You May Lie: that’s the difference between poetry and reportage. Although what matters is telling the truth. In poetry, you may also return to a moment once it has passed and wander back into that fear, doubt, regret to try to make meaningful sense of what happened, or didn’t. All of us have notebooks and brains full of narrative poetry. Here are a few from mine.
The soldiers are children and the monkey’s young.
He clings to my leg, heart against calf—
a throat filling, refilling with blood.
Last week, the children ate his mother—
dashed her head against the breadfruit.
A young girl soldier laughs,
tears the baby from my leg
and hurls him toward the tree.
See, she says, you have to be rough.
When she was taken, the girl’s
heart too pulsed in her throat.
This poem comes from an encounter with a young soldier at a Revolutionary Armed Forces of Colombia (FARC) camp at the edge of the jungle near San Vicente, Colombia. The visit took place in 2001, when the FARC’s 42,000 square kilometer dmz, called Farclandia, still existed. There, the FARC was free to mete out justice and to play beach volleyball. The relatively relaxed atmosphere made it easier for young soldiers to tell their stories. —E.G.
Buying Rations in Kabul
The Uzbek boys on Chicken Street
have never had enough to eat.
They stock from shelf to shining shelf
these GI meals, which boil themselves
in added water (bottled, please).
In twenty minutes, processed cheese
on jambalaya followed by
a peanut butter jamboree.
The boys, polite,
advise on which we might prefer—
Beef Teriyaki, Turkey Blight—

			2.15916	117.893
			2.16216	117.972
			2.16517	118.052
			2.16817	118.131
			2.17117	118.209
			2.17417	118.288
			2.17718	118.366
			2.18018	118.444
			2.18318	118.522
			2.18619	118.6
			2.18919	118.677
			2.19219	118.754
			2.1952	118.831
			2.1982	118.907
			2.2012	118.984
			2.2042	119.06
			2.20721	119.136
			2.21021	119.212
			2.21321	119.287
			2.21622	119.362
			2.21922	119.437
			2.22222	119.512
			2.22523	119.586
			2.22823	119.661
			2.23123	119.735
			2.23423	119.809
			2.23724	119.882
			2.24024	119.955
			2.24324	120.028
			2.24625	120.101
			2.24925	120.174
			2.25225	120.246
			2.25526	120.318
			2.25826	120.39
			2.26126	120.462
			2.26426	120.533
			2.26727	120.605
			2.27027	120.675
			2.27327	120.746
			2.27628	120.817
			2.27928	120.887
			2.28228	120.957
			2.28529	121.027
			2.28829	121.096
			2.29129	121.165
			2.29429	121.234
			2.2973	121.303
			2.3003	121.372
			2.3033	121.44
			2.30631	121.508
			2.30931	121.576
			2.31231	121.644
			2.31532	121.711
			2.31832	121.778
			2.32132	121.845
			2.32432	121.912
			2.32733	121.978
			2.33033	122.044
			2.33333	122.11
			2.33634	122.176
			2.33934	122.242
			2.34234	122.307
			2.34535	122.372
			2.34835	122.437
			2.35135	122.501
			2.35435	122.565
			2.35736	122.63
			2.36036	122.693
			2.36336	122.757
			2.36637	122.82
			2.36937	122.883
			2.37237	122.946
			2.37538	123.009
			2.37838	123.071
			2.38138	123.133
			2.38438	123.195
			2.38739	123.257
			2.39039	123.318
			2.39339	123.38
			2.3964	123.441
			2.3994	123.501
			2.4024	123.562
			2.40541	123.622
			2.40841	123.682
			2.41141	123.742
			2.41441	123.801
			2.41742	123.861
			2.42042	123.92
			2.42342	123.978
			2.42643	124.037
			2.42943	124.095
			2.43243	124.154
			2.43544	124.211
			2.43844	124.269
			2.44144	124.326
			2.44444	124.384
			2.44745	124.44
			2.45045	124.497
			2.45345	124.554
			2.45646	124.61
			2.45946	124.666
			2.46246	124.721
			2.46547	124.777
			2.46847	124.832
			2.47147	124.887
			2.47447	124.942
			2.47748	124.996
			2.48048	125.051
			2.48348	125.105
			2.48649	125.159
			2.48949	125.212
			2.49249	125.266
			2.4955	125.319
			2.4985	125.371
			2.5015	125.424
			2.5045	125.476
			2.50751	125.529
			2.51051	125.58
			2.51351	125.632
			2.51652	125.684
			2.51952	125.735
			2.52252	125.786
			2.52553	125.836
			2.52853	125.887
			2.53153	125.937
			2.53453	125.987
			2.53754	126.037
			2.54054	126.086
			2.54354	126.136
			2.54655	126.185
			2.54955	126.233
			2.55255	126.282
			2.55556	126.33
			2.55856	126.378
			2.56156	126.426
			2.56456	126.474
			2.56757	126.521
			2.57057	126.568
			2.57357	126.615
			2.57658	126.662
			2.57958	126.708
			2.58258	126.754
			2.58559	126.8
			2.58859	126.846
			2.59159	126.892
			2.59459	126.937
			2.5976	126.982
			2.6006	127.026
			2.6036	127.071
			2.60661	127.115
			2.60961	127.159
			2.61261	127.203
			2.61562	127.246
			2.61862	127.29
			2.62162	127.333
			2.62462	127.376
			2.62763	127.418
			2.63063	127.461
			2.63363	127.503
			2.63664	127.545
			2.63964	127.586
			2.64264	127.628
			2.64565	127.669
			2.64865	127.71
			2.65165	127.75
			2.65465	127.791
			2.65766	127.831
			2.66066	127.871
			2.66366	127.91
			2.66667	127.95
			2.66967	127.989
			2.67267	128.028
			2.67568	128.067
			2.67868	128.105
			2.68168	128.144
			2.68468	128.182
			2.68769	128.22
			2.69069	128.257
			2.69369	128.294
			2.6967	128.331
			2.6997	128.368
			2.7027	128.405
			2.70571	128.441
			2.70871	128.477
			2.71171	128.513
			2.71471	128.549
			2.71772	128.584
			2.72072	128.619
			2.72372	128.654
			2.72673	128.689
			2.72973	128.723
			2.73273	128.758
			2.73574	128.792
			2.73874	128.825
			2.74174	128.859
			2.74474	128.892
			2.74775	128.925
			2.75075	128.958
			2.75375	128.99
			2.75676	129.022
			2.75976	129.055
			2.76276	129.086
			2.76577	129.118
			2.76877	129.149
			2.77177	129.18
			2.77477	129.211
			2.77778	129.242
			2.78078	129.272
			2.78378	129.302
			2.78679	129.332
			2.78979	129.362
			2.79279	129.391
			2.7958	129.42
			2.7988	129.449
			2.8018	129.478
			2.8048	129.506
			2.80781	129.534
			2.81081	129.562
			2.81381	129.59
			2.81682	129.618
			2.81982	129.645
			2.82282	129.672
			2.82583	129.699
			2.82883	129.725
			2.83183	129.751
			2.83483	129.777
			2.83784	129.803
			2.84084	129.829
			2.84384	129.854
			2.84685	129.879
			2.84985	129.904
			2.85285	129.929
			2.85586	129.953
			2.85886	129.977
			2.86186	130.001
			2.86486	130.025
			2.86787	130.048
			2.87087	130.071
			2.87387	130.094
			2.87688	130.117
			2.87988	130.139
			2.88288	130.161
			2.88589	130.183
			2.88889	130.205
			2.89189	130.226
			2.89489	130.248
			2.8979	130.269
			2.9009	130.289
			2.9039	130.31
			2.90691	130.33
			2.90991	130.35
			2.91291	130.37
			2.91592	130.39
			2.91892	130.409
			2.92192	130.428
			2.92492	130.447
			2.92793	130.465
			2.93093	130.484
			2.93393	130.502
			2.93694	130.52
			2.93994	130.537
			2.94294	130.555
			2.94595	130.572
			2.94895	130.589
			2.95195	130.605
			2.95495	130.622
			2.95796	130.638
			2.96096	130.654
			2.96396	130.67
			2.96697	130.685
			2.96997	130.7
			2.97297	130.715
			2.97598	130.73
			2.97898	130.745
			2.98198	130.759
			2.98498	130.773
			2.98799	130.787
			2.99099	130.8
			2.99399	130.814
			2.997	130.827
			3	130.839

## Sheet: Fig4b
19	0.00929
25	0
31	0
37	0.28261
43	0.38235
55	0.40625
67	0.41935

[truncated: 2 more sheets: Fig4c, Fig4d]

and thank us twice for bringing peace
as, meals in hand, we leave the store.
Of course they know that any peace
that must be kept by force
goes by another name.
This was the bustling city in 2002, swollen with recently returned refugees. Two young ethnic Uzbeks ran their father’s shop on Chicken Street. At the time, they stocked mostly MREs they procured from Bagram Air Force Base. The boys were enthusiastic about the MREs and loved to offer advice about which were best but, as I hope is clear, they’d never eaten them. —E.G.
In the Bedouin’s foam mattress,
a bedbug mother tips back her baby’s chin
and pours my blood down his throat. You wrote
in all my wandering I risk my chance
to give birth. That’s hardly true. All over
the earth, I’ve fed my flesh to bugs.
That’s some kind of mother for you.
This irritated poem was born of too many scratchy long-distance phone conversations between Medellin, Colombia and Woody Creek, Colorado. It also bears a universal empathy for those of us who’ve woken with those terrible bites and the spots of blood the bugs leave on sheets when they burrow into exposed flesh. —E.G.
The joins in the highway rise below the tires
as if we are running over bodies.
The windows are covered in butcher paper
and night coming cools the car’s frame.
My head hangs the way cows’ do:
complete submission to being led.
The last thing I saw was the red cloth coming
before it was tied around my eyes.
My spirit thumps in the darkness.
I’ve seen the pictures on the internet.
Sometimes I fake a swoon or cry,
hoping it might free me.
Sometimes I refuse to answer
questions they already know.
They feed me water from a cup;
I swallow. How human we are,
the tender, puncturing skin,
the illusion we can save ourselves
if we find the right words
and try with all our might.
This was written after an arrest in North Waziristan. I suffered very little in comparison to those who were with me at the time. —E.G.
Eliza Griswold, a 2007 Nieman Fellow, is a fellow at the New America Foundation. Her poems are from “Wideawake Field,” Griswold’s first book of poetry, published by Farrar, Straus and Giroux. She is working on a nonfiction book, “The Tenth Parallel,” which also will be published by Farrar, Straus and Giroux.